Have you cooked with nagaimo (chinese yam)?
I hadn't until recently.
Apparently it also goes by the name yamaimo (mountain yam) & tororo.
You may have seen tororo gohan or tororo soba on menus...that's the white stuff that they top the rice or soba with.
I don't care much for it because it is slimy.
Some people are allergic to it.
I recently started adding it to okonomiyaki.
It helps to make the okonomiyaki "puff" up.
I'm not too sure where I scribbled this recipe down from...Makes 2
3 leaves cabbage, julienned
75 milliliters dashi (stock, cold brewed)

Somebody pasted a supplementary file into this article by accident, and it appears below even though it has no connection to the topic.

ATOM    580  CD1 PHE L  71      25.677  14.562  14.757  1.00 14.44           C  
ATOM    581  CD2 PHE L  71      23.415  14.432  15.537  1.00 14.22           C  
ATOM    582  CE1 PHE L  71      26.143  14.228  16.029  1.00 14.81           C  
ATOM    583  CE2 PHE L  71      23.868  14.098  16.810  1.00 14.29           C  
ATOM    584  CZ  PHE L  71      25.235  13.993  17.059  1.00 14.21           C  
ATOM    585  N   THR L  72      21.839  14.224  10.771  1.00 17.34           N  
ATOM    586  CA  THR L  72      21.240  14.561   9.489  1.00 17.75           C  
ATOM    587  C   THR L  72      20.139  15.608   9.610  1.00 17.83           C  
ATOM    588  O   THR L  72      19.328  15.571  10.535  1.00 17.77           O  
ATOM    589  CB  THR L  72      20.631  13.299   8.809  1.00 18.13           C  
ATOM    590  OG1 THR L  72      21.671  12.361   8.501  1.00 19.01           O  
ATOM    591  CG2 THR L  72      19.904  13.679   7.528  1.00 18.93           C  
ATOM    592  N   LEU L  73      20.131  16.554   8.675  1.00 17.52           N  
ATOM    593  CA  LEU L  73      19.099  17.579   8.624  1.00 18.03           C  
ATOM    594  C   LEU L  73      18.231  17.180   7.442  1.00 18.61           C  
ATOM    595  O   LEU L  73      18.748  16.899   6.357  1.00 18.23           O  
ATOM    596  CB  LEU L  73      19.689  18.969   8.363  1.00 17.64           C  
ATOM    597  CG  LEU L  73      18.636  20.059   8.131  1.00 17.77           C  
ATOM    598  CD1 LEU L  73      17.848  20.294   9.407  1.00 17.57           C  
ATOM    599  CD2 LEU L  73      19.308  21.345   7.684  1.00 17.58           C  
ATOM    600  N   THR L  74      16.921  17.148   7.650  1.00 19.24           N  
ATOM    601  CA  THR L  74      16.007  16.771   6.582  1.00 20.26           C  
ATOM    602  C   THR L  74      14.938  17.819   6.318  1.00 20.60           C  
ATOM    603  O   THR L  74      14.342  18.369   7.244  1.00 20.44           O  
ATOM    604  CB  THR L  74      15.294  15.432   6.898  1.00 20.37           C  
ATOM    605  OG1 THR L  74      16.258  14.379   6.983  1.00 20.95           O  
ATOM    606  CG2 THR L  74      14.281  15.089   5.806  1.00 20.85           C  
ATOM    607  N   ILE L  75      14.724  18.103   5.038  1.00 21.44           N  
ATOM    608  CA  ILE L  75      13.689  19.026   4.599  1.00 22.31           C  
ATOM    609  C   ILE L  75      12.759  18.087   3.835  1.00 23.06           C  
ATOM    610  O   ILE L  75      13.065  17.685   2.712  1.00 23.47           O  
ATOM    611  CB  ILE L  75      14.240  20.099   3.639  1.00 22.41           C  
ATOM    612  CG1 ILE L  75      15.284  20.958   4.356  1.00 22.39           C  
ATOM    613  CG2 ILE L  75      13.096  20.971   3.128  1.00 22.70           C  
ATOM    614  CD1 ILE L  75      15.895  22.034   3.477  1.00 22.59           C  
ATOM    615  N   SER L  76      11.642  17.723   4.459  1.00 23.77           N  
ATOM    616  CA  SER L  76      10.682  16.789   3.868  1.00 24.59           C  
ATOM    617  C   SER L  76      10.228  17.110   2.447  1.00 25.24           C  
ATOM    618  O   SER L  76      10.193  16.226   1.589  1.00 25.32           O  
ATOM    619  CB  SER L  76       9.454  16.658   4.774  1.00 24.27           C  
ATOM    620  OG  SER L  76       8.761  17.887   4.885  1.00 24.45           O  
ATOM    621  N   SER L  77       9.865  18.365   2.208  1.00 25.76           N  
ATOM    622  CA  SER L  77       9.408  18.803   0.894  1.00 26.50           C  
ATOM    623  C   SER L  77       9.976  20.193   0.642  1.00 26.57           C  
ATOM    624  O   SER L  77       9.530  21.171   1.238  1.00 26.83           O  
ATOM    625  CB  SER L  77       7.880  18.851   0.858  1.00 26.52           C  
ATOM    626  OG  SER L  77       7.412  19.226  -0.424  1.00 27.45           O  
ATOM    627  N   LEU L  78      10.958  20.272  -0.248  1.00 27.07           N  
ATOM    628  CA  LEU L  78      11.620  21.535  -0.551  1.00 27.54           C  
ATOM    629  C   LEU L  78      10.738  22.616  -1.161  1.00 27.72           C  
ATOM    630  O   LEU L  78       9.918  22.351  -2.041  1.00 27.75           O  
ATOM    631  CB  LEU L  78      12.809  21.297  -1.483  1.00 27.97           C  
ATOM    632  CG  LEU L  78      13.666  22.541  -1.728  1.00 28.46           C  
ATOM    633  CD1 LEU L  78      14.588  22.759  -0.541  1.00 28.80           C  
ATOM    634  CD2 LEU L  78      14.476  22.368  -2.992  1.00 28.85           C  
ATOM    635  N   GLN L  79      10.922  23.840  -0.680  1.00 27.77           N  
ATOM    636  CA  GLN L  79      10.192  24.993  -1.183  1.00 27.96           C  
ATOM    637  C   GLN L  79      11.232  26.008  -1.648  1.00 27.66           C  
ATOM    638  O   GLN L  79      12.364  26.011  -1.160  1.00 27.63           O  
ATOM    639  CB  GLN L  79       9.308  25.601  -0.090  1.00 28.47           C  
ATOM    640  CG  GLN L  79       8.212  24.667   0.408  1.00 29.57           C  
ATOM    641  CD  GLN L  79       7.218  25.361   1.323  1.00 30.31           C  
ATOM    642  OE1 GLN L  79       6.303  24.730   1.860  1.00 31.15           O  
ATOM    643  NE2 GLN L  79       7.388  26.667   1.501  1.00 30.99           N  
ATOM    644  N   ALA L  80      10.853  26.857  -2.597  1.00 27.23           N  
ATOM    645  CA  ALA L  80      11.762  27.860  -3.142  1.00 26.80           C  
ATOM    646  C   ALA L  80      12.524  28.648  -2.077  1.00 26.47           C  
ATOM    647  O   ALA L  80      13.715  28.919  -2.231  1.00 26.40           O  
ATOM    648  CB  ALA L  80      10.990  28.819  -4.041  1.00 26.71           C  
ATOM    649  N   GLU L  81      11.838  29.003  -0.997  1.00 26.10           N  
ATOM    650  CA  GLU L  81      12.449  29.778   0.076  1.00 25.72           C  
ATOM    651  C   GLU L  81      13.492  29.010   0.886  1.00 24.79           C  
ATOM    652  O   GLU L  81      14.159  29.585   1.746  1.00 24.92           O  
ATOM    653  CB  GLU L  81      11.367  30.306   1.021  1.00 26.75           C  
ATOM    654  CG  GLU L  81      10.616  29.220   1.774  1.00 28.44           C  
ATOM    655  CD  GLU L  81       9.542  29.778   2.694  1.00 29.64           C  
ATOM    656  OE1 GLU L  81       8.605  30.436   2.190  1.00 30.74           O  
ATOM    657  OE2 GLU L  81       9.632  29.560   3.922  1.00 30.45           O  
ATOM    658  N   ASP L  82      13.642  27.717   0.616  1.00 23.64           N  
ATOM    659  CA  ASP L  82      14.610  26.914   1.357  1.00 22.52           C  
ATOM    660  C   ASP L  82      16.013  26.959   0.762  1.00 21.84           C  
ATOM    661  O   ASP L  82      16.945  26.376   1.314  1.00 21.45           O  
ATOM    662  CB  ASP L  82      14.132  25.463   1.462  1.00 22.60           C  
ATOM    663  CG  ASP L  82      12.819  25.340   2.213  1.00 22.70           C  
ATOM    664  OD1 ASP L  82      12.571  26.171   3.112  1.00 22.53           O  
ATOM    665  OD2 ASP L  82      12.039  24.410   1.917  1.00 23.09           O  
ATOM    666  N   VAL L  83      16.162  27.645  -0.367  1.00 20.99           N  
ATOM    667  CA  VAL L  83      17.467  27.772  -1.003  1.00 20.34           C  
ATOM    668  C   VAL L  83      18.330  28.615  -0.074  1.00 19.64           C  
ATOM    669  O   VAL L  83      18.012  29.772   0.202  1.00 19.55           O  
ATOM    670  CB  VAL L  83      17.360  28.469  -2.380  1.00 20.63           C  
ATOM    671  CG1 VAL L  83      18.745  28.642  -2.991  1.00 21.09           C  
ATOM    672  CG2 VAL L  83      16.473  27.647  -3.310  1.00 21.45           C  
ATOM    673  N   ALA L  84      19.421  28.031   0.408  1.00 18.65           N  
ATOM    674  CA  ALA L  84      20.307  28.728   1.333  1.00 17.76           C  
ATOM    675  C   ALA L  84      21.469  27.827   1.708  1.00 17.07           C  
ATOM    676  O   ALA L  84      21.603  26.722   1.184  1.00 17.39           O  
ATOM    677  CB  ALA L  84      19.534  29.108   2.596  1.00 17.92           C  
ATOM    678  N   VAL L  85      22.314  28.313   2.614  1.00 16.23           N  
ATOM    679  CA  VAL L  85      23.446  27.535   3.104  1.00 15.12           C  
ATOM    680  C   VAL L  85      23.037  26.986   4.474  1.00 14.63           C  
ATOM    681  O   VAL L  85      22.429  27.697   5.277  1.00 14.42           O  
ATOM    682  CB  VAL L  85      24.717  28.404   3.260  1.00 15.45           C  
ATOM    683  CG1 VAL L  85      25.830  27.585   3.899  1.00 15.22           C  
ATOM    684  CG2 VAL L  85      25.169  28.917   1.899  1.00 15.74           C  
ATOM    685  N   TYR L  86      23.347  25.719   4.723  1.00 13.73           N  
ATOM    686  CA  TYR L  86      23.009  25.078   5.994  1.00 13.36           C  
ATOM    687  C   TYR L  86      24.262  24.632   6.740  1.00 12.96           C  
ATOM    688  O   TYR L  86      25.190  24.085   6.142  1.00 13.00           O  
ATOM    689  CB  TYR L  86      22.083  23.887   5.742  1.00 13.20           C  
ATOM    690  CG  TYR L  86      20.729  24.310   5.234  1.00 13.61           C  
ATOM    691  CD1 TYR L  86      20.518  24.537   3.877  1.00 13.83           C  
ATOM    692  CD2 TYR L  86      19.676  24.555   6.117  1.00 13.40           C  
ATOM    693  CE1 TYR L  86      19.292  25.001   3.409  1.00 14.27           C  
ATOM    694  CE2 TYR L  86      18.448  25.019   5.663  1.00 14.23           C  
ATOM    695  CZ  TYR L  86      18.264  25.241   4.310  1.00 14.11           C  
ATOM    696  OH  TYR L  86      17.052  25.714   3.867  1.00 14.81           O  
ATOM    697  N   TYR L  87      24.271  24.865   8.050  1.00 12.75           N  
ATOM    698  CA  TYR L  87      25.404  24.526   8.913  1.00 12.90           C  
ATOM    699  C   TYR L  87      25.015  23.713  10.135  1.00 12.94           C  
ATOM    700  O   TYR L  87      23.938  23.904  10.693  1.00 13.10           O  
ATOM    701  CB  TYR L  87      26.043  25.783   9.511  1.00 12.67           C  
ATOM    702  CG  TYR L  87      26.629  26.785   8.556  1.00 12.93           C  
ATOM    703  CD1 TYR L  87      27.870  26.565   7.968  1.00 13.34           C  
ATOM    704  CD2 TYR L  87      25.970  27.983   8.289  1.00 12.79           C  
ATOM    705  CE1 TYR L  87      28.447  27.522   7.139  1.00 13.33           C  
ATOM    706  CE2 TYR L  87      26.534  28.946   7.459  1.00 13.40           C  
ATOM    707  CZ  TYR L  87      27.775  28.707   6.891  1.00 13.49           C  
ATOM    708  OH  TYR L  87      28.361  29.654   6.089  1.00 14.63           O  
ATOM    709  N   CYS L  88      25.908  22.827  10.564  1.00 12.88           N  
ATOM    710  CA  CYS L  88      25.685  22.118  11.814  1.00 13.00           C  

70 grams flour
60 grams nagaimo, grated
2 slices pork belly, halved
katsuo bushi (dried bonito flakes)
aonori (green kelp)
benishoga (red ginger)
Beat the egg with the nagaimo then fold into the cabbage, flour.
Use the dashi to loosen the batter up. (It should kind of be like pancake batter, but a little thicker.)
Heat a little oil in a non-stick pan.
Put half of the batter and cook for about 5 minutes.
Before flipping, place your sliced pork belly onto the okonomiyaki.
Flip carefully and cover.
Let cook for another 3-4 minutes.
Flip over once again and top with your favorite okonomiyaki sauce and toppings (I sometimes top ours with kimchee).
Repeat using the other half of the batter and make another okonomiyaki
NOTES: When cleaning the nagaimo, I used a peeler. It is really slippery so be careful while peeling off the "skin".
I actually tried this with some dried okara and some flour...but would stick to all flour.